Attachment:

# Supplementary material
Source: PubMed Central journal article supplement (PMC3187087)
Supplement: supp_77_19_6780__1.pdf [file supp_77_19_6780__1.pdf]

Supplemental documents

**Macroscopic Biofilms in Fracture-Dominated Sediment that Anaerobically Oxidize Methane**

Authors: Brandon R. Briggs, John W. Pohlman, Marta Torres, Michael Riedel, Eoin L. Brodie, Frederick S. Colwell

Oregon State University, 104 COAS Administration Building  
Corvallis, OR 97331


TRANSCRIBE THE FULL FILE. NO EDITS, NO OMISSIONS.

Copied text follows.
# Supplementary material
Source: PubMed Central journal article supplement (PMC3187087)
Supplement: supp_77_19_6780__1.pdf [file supp_77_19_6780__1.pdf]

Supplemental documents

**Macroscopic Biofilms in Fracture-Dominated Sediment that Anaerobically Oxidize Methane**

Authors: Brandon R. Briggs, John W. Pohlman, Marta Torres, Michael Riedel, Eoin L. Brodie, Frederick S. Colwell

Oregon State University, 104 COAS Administration Building  
Corvallis, OR 97331